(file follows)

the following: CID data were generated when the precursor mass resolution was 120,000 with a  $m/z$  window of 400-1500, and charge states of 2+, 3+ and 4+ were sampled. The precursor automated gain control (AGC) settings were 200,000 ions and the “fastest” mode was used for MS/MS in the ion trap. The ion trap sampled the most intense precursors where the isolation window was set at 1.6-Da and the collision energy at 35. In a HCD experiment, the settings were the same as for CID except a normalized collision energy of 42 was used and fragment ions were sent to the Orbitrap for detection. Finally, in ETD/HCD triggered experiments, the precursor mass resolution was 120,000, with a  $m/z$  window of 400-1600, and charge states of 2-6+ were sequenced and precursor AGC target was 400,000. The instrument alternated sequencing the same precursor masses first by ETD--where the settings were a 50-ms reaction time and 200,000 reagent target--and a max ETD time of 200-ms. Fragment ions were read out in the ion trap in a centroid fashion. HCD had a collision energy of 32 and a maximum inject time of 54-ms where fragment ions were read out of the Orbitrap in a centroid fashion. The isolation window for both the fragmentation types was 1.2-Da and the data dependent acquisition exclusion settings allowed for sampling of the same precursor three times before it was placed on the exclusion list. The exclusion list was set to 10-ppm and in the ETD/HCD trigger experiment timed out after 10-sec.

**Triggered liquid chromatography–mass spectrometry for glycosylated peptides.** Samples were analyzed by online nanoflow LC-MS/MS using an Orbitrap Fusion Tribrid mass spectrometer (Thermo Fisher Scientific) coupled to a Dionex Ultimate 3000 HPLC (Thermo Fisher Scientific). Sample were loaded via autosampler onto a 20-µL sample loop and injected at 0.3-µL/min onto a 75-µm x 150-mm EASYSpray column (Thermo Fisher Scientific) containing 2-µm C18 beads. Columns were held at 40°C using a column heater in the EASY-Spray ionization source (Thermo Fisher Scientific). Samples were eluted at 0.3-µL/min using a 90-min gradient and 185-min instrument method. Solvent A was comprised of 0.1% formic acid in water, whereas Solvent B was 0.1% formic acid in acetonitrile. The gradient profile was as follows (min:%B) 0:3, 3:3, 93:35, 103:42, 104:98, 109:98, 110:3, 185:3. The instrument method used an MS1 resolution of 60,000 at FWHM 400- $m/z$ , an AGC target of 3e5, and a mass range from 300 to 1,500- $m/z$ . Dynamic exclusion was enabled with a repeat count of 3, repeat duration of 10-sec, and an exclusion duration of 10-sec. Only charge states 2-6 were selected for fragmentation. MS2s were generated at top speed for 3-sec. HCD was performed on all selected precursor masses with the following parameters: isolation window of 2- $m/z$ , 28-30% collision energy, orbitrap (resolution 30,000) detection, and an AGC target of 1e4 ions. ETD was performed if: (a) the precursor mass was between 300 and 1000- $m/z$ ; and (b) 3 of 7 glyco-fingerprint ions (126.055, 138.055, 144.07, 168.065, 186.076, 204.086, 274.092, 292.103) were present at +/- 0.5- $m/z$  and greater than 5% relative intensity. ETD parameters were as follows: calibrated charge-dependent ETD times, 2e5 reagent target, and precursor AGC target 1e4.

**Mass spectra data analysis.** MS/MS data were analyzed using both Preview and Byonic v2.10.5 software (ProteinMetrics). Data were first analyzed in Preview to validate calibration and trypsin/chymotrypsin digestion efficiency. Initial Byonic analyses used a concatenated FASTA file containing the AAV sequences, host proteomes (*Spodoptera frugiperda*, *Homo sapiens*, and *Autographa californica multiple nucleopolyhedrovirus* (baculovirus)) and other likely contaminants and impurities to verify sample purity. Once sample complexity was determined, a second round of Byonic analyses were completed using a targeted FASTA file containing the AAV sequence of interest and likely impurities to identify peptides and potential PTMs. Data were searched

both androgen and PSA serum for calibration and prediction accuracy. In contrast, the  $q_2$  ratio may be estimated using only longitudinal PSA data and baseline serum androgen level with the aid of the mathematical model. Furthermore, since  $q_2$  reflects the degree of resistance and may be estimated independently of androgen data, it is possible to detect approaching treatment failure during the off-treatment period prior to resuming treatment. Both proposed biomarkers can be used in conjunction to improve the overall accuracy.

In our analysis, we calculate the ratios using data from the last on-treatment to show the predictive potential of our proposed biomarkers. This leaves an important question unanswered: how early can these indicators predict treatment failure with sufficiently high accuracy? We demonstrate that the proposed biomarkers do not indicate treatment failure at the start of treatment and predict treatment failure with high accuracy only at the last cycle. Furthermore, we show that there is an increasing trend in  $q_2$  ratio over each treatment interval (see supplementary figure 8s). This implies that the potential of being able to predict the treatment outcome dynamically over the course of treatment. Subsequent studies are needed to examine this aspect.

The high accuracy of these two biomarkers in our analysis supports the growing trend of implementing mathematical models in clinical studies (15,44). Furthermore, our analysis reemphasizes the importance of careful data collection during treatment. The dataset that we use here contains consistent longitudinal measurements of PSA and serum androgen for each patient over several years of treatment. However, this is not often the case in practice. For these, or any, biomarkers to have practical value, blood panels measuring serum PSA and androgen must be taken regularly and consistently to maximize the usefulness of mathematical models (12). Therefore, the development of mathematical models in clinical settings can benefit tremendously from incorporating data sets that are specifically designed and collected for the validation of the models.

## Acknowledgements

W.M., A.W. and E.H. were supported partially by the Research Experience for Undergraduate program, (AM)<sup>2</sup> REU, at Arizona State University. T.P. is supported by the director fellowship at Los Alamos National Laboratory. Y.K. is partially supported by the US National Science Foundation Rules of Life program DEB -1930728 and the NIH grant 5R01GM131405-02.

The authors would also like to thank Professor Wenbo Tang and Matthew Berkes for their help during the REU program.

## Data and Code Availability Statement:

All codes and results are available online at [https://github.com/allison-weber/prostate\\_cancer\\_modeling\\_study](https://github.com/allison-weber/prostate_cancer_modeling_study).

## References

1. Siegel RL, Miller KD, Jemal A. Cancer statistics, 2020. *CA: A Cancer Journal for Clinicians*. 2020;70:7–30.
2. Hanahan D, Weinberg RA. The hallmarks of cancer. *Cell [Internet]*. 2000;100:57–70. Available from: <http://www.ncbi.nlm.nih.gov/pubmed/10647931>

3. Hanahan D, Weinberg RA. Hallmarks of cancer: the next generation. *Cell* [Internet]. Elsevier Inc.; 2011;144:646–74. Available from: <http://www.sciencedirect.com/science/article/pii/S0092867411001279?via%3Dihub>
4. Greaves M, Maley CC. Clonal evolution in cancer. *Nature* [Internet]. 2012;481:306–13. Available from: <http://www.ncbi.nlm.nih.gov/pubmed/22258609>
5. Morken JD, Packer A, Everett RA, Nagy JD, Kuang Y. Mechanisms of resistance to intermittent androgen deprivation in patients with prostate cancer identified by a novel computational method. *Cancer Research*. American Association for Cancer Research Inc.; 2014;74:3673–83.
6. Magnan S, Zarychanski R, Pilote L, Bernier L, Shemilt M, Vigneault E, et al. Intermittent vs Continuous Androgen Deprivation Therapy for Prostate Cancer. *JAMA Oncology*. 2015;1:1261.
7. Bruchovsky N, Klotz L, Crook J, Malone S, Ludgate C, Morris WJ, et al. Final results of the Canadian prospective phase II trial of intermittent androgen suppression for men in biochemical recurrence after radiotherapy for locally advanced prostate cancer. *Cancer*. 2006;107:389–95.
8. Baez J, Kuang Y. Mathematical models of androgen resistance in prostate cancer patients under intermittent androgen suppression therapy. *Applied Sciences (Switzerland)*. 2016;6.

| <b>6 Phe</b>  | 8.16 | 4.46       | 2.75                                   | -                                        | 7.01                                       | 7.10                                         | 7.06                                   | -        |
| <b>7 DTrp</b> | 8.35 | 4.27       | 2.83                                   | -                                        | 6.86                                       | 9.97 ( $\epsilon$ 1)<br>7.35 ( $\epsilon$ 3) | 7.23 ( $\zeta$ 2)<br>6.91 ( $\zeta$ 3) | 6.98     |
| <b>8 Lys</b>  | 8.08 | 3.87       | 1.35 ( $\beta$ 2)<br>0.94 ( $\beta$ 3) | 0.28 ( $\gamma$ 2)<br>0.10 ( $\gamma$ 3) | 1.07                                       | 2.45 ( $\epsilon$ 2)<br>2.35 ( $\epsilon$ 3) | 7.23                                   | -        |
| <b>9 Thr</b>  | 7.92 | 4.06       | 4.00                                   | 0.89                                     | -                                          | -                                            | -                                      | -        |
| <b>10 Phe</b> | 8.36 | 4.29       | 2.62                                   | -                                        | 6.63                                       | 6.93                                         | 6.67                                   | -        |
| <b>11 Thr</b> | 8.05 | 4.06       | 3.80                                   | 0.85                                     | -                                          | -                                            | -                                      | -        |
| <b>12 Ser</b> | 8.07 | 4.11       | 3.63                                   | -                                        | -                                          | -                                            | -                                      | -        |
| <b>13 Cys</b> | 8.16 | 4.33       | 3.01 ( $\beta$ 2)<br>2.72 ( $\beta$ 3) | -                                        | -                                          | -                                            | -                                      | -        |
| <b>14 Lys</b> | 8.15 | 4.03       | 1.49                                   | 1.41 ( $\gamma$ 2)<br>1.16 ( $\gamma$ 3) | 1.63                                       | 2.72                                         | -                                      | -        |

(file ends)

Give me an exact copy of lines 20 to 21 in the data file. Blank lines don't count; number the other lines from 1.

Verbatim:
8. Baez J, Kuang Y. Mathematical models of androgen resistance in prostate cancer patients under intermittent androgen suppression therapy. *Applied Sciences (Switzerland)*. 2016;6.

| <b>6 Phe</b>  | 8.16 | 4.46       | 2.75                                   | -                                        | 7.01                                       | 7.10                                         | 7.06                                   | -        |